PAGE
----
A mermaid beckons you. Held in a golden current, she glistens in the sunlight. Although her twirling hands are distracting, you cannot miss the entrance to the festival. The trees arch revealing the entrance to LOST.

Unlike many independent events, LOST is ambitious. The organisers aimed to redefine the gallery experience by making art more accessible, and more appealing, to a wider audience - they cut down and altered the surrounding woodland to enable them to curate a truly immersive experience. Although it is the first time LOST festival has been put on, they managed to sell out of tickets which probably made the organizer's month of living in the woods seem a little bit more bearable.


The festival founder, Jodie, explains how the concept of LOST came from her preparation for her degree show. At Edinburgh, she studied fine art but rather than restricting her practice to canvas her work became 'more like a live event'. At first, she was interested in body painting but then this developed as she sought new ways to interact with her audience culminating with her making a space that she describes as a "3D blank canvas."


Not only is the space totally transformed by the arrival of a variety of artists and installations, the LOST team ask the festival goers to leave their phones at home. After turning in your phone to a festival volunteer, you are ushered onto a coach to a secret location... with the windows blacked out. The intention being that attendees get to really engage with the creative process, speak to new people and absorb the atmosphere of the festival. In return, LOST promises to provide all sorts of things to entertain you. Teasingly, I ask Jodie if the festival had to be compared to an artwork what would it be. "Oooh," she laughs at me, "I think I would have to compare it to the work by Kusama. She did an exhibition at the Hayward a few years ago. Her work is amazing and very interactive. She did an exhibition in a surreal living room with all these luminous dots... I think one of her pieces - colourful, interactive and simple but effective."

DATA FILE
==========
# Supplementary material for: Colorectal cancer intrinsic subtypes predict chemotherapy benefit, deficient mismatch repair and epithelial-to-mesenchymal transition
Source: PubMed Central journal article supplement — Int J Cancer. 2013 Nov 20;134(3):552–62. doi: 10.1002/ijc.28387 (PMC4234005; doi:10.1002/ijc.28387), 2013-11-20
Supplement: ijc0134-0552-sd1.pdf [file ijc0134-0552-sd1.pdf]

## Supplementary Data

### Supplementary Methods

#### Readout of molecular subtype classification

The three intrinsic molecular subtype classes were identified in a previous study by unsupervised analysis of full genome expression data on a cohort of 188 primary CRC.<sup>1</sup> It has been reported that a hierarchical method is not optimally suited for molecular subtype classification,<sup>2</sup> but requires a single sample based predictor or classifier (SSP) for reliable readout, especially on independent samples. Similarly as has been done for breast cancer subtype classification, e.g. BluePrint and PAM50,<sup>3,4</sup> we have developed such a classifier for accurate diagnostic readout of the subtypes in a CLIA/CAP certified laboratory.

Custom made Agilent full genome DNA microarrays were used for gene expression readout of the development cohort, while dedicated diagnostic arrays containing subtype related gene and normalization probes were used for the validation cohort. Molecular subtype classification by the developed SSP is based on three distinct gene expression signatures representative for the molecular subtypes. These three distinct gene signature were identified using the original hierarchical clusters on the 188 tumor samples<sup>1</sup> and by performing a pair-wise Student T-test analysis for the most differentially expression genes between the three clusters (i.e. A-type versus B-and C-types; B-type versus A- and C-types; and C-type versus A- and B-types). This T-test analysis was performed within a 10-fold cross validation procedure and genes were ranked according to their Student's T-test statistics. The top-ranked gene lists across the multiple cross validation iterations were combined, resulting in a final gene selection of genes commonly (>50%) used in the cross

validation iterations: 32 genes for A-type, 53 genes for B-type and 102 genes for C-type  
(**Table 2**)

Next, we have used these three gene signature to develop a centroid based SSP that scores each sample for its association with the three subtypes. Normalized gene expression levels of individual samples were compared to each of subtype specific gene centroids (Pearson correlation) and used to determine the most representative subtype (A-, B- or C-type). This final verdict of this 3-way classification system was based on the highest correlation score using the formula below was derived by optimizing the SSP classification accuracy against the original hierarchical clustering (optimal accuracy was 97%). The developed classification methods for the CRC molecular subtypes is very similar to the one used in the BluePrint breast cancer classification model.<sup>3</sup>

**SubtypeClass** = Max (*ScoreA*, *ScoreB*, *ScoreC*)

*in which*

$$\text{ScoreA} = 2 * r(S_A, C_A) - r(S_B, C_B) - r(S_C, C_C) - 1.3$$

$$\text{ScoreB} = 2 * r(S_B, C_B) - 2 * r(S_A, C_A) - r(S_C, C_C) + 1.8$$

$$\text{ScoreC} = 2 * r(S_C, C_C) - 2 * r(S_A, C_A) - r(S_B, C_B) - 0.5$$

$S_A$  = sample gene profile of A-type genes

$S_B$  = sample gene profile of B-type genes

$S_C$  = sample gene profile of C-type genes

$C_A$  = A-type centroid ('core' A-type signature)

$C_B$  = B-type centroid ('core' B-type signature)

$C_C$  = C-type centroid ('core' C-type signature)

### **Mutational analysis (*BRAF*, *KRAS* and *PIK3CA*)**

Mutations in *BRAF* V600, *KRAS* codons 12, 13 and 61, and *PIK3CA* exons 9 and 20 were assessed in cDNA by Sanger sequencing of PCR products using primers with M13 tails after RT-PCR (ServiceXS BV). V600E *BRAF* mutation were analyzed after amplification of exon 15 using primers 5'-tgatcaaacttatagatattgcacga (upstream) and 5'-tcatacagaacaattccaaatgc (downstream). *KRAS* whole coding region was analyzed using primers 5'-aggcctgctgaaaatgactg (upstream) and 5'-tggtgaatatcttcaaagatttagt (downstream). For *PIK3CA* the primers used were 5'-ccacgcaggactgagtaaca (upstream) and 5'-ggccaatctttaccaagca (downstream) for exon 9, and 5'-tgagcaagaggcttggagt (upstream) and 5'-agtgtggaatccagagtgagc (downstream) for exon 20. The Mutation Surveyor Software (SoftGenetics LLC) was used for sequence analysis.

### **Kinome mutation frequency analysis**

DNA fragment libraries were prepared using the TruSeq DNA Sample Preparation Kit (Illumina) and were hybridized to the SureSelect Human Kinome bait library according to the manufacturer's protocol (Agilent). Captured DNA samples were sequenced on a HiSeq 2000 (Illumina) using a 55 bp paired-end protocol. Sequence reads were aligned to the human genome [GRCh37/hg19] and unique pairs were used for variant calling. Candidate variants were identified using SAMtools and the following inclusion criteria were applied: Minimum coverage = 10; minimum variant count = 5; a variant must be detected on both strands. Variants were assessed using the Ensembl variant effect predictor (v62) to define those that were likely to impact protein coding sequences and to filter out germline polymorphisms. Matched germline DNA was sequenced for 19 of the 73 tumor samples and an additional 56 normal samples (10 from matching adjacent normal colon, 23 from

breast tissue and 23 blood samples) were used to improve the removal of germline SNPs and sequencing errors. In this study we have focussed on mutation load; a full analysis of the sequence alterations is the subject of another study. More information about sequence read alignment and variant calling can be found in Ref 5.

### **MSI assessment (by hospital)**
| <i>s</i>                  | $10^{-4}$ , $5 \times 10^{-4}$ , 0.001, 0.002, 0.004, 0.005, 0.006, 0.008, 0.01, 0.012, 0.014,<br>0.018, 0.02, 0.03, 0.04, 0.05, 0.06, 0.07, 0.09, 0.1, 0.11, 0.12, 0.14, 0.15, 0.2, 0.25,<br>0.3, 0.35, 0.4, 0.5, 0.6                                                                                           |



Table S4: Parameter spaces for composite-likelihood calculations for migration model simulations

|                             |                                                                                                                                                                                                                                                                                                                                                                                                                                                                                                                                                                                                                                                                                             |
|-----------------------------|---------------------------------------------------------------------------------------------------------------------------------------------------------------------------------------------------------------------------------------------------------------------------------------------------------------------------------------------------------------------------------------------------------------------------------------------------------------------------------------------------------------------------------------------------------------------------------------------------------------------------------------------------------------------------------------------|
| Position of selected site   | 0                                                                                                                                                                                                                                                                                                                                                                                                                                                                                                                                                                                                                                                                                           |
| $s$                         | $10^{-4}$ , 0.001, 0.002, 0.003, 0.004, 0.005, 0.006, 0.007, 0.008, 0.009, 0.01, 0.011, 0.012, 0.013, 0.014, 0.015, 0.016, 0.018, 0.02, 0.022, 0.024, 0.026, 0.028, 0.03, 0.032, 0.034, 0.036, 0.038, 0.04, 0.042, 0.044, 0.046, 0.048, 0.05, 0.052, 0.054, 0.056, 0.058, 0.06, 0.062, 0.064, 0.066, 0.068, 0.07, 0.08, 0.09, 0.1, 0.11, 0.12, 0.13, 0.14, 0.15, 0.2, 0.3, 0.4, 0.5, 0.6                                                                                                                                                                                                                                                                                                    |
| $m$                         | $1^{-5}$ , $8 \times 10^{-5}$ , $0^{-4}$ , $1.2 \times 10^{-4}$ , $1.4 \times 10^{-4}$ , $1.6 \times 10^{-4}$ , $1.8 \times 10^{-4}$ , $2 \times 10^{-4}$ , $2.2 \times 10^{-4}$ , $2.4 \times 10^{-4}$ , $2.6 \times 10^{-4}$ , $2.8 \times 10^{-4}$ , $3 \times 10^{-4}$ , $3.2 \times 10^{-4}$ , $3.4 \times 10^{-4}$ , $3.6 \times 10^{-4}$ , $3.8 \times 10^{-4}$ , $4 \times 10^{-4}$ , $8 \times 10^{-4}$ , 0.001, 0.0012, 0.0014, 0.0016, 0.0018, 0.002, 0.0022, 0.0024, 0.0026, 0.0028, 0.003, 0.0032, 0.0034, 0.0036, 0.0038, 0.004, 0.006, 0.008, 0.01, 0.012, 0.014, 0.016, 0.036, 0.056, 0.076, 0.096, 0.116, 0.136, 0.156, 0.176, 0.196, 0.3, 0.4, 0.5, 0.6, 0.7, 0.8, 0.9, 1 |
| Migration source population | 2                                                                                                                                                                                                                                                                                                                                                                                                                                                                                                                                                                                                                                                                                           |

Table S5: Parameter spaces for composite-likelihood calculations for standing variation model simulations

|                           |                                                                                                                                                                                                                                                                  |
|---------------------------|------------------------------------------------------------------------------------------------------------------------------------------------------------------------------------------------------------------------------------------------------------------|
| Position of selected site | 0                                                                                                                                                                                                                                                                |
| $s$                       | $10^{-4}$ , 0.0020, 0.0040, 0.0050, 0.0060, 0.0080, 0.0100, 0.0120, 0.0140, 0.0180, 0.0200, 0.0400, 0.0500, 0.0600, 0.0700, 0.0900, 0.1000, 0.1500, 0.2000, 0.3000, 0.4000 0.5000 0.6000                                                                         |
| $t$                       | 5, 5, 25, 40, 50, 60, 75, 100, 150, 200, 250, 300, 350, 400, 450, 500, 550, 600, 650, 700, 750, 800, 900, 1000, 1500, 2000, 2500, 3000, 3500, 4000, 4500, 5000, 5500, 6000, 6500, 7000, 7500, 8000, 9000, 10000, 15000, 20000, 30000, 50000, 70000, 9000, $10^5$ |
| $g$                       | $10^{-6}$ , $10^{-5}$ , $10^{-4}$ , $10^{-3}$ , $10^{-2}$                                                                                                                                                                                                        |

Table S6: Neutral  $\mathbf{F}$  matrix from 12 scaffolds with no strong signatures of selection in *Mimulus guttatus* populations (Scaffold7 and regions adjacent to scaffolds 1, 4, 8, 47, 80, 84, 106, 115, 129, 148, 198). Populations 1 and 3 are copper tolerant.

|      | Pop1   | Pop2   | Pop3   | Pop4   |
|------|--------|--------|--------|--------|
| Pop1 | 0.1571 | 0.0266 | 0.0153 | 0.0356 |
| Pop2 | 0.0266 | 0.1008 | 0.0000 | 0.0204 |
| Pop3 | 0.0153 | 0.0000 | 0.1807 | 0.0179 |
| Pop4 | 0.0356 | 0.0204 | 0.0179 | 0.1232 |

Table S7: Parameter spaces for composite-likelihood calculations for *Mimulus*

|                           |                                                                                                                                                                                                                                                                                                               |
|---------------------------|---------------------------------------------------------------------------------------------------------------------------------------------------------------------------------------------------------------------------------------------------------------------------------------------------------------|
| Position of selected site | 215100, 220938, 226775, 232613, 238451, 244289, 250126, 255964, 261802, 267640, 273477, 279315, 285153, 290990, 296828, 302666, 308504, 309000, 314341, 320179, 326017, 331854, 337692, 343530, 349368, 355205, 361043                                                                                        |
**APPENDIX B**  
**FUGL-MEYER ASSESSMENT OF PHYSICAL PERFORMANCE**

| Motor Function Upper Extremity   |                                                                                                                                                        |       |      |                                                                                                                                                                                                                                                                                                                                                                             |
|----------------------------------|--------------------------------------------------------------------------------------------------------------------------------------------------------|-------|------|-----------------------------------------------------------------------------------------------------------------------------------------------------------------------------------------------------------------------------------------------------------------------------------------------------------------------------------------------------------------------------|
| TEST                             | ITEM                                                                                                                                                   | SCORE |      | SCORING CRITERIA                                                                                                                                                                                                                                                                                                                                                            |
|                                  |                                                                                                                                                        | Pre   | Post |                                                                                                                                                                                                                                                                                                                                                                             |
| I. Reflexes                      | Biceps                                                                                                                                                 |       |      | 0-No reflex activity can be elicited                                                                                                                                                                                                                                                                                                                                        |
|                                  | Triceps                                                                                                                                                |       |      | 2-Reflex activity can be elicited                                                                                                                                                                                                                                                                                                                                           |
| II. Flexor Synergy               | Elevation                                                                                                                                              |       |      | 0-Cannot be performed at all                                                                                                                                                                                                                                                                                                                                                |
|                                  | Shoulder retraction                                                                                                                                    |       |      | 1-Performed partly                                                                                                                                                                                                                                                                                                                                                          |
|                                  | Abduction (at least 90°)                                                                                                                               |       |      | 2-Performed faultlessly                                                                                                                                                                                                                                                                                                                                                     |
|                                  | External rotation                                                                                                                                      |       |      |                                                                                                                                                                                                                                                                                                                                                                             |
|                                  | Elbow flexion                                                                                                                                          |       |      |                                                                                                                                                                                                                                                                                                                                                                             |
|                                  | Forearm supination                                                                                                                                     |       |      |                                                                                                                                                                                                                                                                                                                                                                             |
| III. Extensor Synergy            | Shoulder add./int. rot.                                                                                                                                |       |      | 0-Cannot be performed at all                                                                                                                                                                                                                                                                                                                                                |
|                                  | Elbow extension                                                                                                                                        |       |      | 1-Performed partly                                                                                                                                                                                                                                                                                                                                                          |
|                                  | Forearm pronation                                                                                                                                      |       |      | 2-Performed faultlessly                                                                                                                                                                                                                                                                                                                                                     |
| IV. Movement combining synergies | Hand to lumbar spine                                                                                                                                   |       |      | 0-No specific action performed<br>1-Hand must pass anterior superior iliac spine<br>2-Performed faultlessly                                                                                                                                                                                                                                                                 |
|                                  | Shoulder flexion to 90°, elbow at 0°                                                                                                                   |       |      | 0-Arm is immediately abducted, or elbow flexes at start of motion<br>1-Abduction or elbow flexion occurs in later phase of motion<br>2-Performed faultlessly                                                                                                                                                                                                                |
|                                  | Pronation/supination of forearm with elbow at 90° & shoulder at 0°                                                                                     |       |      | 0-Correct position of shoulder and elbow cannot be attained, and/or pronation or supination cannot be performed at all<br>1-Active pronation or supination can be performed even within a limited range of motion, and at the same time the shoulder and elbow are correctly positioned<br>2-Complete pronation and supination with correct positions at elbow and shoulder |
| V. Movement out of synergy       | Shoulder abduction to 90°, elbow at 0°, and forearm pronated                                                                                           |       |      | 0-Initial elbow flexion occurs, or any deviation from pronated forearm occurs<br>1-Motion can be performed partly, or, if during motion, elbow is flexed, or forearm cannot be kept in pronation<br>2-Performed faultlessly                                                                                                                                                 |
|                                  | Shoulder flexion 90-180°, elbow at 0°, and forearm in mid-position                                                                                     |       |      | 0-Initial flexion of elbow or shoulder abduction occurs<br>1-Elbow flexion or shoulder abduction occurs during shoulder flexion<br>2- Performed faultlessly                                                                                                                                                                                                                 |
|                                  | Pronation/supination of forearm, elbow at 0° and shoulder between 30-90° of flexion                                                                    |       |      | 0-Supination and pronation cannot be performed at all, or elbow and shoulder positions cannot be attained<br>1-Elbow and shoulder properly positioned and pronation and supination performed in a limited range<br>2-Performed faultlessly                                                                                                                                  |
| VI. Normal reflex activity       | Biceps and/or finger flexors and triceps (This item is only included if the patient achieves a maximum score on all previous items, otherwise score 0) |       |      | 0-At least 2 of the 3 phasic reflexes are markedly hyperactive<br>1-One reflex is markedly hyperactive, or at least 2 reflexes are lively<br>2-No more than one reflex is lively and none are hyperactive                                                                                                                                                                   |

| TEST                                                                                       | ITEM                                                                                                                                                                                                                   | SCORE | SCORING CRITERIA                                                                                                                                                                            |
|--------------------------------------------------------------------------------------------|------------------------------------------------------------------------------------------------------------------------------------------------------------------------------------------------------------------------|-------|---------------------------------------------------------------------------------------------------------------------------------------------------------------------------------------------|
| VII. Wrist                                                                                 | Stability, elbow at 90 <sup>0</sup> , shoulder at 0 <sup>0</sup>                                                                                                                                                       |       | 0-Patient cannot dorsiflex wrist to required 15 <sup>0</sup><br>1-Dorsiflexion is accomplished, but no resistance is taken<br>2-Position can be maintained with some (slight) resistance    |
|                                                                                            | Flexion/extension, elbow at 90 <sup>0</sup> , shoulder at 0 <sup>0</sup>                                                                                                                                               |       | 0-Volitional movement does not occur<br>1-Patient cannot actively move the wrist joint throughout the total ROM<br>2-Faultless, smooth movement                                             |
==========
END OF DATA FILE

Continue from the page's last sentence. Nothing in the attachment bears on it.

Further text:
One of the highlights of LOST was a beautiful piece made by Alice Kilkenny (featured below). Alice's artist practice is shaped by science-fiction literature. Unlike the piece she created for LOST, her usual medium involves coding, computing and information platforms. According to Alice, as her inspiration was drawn from the mental phantoms of futuristic dystopias and technological marvels, her attraction to new media was an almost forgone conclusion. Despite the fact her piece for LOST wasn't built from new technologies, it was still inspired by them. Although the shiny material certainly gave her piece a new age feel, it was interestingly inspired by Alice's love for gaming culture.